- use equipment appropriate for the hazards associated with these substances including inert atmosphere techniques
- class "D" fire extinguishers (metal fires) must be present in laboratories where these substances are in use; do not use "C" class fire extinguishers (CO2) on metal fires
5.3 Noxious Chemicals
Certain classes of compounds such as thiols (mercaptans) and related sulfur-containing compounds are characterized by a particularly noxious odour
- these compounds must be used with adequate ventilation (fume hoods)
- whenever compounds of this type are used they will be released through the ventilation system into the local atmosphere, consequently both the Department Safety Officer and the Emergency Report Centre must be notified in advance of the use of these chemicals
5.4 Reactive Chemicals
chemicals which can ignite on exposure to air or water, e.g. certain metallic and organometallic substances, phosphorous
special handling, storage and disposal procedures must be established in laboratories where these substances are in use (see section on Flammability and Appendix II - Incompatible Chemicals)
may be heat, shock or friction sensitive and can react violently as a consequence, e.g. acetylene and acetylides, azides, diazonium salts, nitro compounds, chlorates and perchlorates, peroxides
special handling, storage and disposal procedures must be established in laboratories where these substances are in use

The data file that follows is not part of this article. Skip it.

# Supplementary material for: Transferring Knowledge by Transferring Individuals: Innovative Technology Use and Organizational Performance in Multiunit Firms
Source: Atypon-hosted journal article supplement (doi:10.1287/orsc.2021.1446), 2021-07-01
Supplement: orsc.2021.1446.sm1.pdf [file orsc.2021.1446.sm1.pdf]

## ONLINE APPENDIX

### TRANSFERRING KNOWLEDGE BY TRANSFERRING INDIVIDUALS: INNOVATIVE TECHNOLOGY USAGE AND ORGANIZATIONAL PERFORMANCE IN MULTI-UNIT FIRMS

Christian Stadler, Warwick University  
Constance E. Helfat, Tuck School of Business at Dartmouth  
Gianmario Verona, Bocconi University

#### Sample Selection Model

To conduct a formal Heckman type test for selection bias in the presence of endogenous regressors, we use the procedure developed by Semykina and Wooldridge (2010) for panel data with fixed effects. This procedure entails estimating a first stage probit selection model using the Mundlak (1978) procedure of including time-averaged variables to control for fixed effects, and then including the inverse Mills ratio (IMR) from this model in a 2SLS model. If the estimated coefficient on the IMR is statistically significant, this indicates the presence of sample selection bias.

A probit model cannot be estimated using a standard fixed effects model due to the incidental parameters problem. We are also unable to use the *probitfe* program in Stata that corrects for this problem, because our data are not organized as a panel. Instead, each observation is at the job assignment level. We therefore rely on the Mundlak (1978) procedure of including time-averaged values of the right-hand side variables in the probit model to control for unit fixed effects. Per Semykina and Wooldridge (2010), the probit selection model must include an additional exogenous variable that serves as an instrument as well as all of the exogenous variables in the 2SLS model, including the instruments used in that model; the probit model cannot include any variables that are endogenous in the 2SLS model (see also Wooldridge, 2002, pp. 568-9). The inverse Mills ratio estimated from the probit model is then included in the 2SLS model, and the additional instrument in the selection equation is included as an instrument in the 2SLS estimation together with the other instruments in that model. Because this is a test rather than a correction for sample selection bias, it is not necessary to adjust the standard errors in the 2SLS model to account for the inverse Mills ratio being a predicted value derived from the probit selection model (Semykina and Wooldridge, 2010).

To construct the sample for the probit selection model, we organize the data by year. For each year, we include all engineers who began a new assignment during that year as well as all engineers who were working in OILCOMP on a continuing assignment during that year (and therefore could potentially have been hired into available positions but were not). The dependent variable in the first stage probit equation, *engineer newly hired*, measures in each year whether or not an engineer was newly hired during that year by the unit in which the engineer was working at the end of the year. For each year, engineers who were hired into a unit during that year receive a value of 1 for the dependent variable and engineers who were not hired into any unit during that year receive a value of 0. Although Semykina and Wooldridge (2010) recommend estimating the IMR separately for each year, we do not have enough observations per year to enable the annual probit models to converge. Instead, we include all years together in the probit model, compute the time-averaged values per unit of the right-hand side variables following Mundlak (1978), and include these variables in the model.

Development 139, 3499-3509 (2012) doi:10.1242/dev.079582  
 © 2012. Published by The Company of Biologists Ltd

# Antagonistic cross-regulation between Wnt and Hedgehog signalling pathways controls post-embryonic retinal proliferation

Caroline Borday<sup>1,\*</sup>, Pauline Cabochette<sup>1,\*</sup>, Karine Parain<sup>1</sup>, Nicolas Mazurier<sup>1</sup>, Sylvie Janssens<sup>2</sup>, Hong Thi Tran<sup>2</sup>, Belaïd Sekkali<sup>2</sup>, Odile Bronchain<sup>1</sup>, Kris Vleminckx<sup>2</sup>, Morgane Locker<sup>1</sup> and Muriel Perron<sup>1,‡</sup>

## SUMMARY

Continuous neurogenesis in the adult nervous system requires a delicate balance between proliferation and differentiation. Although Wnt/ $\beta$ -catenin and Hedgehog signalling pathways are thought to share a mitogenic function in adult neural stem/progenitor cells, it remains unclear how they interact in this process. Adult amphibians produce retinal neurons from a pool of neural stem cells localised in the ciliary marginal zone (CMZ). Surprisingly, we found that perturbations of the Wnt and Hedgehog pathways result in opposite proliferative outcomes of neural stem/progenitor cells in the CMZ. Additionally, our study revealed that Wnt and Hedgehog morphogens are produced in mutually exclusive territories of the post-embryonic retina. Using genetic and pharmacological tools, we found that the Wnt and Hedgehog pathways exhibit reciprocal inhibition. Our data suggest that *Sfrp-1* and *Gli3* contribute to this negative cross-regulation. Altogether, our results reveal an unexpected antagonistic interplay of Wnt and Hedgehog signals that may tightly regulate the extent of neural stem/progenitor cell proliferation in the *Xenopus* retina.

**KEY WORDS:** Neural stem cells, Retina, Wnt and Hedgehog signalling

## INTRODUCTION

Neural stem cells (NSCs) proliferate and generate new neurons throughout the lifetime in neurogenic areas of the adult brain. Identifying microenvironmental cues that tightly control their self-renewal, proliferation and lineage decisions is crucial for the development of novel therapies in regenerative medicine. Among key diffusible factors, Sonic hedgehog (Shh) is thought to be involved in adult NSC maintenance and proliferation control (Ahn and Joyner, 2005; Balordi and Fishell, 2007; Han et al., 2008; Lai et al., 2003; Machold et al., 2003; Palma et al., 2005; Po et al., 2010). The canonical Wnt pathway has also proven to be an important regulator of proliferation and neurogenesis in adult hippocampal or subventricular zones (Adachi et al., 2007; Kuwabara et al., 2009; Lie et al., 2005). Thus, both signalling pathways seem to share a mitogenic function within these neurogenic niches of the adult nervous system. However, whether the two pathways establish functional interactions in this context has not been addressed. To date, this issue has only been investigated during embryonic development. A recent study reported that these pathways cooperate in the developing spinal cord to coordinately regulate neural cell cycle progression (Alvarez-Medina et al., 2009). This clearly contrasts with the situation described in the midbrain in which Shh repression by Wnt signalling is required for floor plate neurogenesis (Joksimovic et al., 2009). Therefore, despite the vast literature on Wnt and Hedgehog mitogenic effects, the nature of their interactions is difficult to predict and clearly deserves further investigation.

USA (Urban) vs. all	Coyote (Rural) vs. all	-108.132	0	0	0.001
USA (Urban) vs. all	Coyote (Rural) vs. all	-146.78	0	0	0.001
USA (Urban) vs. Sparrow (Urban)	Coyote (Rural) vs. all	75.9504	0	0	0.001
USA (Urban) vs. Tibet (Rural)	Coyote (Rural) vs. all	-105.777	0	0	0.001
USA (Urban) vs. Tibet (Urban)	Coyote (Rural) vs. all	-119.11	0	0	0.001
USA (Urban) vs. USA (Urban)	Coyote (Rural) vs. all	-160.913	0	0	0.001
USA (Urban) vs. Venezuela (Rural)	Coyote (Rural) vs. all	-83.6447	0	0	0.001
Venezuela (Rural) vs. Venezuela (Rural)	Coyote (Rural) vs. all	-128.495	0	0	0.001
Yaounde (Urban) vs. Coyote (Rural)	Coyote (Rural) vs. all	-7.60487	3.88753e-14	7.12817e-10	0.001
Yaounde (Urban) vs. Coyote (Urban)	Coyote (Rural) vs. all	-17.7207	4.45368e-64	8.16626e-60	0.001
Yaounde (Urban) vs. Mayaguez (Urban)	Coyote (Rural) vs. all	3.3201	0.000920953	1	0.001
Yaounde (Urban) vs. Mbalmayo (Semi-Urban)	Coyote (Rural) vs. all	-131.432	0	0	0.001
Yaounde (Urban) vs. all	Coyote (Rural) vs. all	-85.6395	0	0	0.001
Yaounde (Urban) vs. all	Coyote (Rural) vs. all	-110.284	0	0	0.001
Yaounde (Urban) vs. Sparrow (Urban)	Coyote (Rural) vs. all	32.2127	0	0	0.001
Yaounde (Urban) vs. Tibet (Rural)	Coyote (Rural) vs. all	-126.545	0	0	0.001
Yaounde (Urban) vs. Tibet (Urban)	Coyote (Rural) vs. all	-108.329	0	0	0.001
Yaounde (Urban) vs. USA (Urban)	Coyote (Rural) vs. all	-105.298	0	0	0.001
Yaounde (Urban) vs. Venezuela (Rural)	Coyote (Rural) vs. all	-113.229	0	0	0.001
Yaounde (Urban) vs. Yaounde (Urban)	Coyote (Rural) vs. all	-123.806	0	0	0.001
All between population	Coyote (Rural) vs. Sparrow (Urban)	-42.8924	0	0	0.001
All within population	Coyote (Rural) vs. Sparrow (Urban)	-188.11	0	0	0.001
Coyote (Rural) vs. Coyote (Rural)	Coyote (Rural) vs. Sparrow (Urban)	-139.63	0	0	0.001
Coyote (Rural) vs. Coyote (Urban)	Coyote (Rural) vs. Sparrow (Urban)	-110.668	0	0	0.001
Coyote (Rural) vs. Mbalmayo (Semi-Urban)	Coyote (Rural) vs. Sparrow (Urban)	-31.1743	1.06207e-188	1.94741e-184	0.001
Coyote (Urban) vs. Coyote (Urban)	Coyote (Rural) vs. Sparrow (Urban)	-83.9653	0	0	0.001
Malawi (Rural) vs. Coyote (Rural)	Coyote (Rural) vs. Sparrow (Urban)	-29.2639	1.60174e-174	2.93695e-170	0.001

substances which react with moisture in the eyes and mucous membranes to cause tear formation, e.g. halogenated aldehydes, ketones and esters
must be used with adequate ventilation (fume hood) and stored in well sealed containers
Accidental contact of incompatible chemicals can lead to fire, explosion and/or the release of highly toxic substances. The magnitude of the problem usually increases with the quantity of chemicals being stored. Prudent practice requires that incompatible chemicals be stored in separate locations to minimize the risk of accidental mixing. Appendix II - Incompatible Chemicals lists some general groups of incompatible chemicals; further information on specific chemicals may be obtained from references such as Hazards in the Chemical Laboratory, by L. Bretherick or Prudent Practices in the Laboratory: Handling and Disposal of Chemicals, National Research Council, National Academy Press, 1995.back to table of contents
A wide range of substances are present in the chemical laboratory which present a risk due to either chronic or acute toxicity; this includes the presence of carcinogens, mutagens and teratogens:
- toxic substances may enter the body by inhalation, absorption, ingestion and/or injection